Never done the online chat thing? It's so easy. You just type in a question. Just return here to the Daily Dish at 2 p.m. and you can see how it all plays out. If, for some reason, you can't make the chat, type a question in the comments section below and we'll try to answer it as well.

RELATED

-- This holiday, take it outside: Food editor Russ Parsons on grilling the Thanksgiving turkey

-- More holiday recipes from the L.A. Times Test Kitchen at LATimes.com/Thanksgiving

-- Skip the kitchen: Here's your guide to eating out and taking out this holiday

-- Rene Lynch
Twitter / renelynch

 

Online chat: Thanksgiving prep with the L.A. Times Test Kitchen

Grilled_turkey You have questions, we have answers.

And L.A. Times Food editor Russ Parsons will be at the keyboard at 1 p.m. Monday to chat with you and answer your questions about Thanksgiving prep (and, if time allows, any other burning food questions you might have). We anticipate that one talking point will be the "Judy Bird": It's Russ' favorite way to cook the Thanksgiving turkey because it leads to a crispy exterior and a juicy interior. Click here for the recipe.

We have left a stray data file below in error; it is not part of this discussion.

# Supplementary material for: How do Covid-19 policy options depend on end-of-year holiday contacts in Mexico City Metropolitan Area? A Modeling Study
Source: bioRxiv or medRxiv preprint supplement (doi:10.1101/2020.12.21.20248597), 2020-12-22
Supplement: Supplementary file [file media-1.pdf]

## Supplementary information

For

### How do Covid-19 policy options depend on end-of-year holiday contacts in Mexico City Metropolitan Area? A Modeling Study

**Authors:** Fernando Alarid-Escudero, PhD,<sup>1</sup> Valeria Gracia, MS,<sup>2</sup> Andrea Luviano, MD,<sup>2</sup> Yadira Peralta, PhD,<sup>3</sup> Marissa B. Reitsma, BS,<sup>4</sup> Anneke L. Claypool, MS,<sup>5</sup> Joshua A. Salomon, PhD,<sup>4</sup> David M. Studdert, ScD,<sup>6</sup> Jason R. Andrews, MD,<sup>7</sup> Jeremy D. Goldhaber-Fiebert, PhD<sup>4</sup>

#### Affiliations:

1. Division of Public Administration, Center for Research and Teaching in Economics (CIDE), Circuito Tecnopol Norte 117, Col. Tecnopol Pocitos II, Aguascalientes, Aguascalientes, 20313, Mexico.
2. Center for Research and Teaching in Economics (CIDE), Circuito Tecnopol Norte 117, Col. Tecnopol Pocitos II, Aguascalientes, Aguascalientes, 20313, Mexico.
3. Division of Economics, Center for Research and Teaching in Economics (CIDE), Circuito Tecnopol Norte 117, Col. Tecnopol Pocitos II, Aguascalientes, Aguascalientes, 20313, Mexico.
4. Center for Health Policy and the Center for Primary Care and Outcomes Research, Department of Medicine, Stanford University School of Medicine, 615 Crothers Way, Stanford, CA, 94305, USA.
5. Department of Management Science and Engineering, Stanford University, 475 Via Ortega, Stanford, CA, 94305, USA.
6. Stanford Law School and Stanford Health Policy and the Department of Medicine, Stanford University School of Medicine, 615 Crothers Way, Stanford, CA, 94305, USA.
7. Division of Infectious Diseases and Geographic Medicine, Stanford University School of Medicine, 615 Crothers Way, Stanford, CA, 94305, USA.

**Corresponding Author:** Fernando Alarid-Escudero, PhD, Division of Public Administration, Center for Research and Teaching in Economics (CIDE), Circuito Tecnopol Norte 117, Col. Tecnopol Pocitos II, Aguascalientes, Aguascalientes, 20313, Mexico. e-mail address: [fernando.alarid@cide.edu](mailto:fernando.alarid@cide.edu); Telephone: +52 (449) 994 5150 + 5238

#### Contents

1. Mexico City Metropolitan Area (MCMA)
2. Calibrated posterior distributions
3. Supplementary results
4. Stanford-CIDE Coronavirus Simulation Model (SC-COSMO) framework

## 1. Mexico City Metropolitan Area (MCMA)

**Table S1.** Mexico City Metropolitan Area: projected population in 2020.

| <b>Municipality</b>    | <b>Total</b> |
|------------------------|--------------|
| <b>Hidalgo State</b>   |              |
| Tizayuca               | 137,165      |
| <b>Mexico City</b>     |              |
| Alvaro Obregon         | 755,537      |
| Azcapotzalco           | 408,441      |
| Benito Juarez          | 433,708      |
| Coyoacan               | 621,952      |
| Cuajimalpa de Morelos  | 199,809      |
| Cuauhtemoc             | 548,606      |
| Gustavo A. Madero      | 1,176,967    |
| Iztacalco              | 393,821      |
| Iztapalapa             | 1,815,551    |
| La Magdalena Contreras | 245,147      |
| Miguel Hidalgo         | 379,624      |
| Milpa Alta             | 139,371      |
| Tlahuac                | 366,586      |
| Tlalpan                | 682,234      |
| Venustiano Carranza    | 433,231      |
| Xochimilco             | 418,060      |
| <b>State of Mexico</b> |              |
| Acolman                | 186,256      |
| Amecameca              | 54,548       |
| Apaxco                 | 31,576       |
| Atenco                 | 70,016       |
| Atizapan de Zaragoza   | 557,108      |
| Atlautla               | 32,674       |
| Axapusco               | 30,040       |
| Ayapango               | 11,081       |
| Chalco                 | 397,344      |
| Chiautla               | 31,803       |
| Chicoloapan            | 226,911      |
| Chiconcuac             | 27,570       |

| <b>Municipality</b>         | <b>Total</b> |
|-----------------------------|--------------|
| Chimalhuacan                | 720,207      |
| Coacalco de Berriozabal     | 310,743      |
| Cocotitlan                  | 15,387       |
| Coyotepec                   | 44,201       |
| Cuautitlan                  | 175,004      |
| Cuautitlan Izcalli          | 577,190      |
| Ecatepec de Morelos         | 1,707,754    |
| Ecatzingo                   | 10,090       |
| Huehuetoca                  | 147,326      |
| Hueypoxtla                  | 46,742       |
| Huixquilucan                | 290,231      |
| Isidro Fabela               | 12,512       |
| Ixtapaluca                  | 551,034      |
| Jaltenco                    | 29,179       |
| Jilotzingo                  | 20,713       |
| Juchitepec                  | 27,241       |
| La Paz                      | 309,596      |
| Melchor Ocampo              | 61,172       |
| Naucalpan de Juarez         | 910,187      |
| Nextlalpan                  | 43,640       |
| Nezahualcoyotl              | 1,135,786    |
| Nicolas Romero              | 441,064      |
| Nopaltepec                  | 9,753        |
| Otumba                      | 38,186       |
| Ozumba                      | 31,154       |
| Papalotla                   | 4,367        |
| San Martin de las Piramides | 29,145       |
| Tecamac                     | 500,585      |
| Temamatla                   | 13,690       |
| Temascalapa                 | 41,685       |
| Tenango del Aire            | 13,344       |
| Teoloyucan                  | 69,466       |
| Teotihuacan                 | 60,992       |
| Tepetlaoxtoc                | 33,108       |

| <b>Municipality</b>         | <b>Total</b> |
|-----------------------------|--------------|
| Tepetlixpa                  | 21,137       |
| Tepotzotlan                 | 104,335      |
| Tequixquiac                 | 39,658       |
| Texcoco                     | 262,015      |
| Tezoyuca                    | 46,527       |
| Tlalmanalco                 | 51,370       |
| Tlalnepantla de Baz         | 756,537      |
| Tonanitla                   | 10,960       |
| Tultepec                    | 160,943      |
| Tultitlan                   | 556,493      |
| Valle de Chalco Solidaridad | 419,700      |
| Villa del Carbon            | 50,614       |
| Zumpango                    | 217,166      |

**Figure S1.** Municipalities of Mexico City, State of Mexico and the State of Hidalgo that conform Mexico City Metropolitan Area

Later in the week, L.A. Times Test Kitchen Manager Noelle Carter will be available at 2 p.m. Wednesday to answer any last-minute questions.

As always, we offer bonus points for anyone who manages to stump these two. Believe me, we've tried, and it hasn't happened yet. But that doesn't mean we've given up hope....

Chat details: Come back here to the Daily Dish blog on 1 p.m. Monday and 2 p.m. on Wednesday, ready to chat. If you'd like to sign up for e-mail reminders for either chat, click below and follow the instructions that follow.

-- Rene Lynch
Twitter / renelynch

RELATED

This holiday, take it outside: Food editor Russ Parsons on grilling the Thanksgiving turkey

More holiday recipes from the L.A. Times Test Kitchen at LATimes.com/Thanksgiving

Skip the kitchen: Here's your guide to eating out and taking out this holiday

Photo: Anne Cusack / Los Angeles Times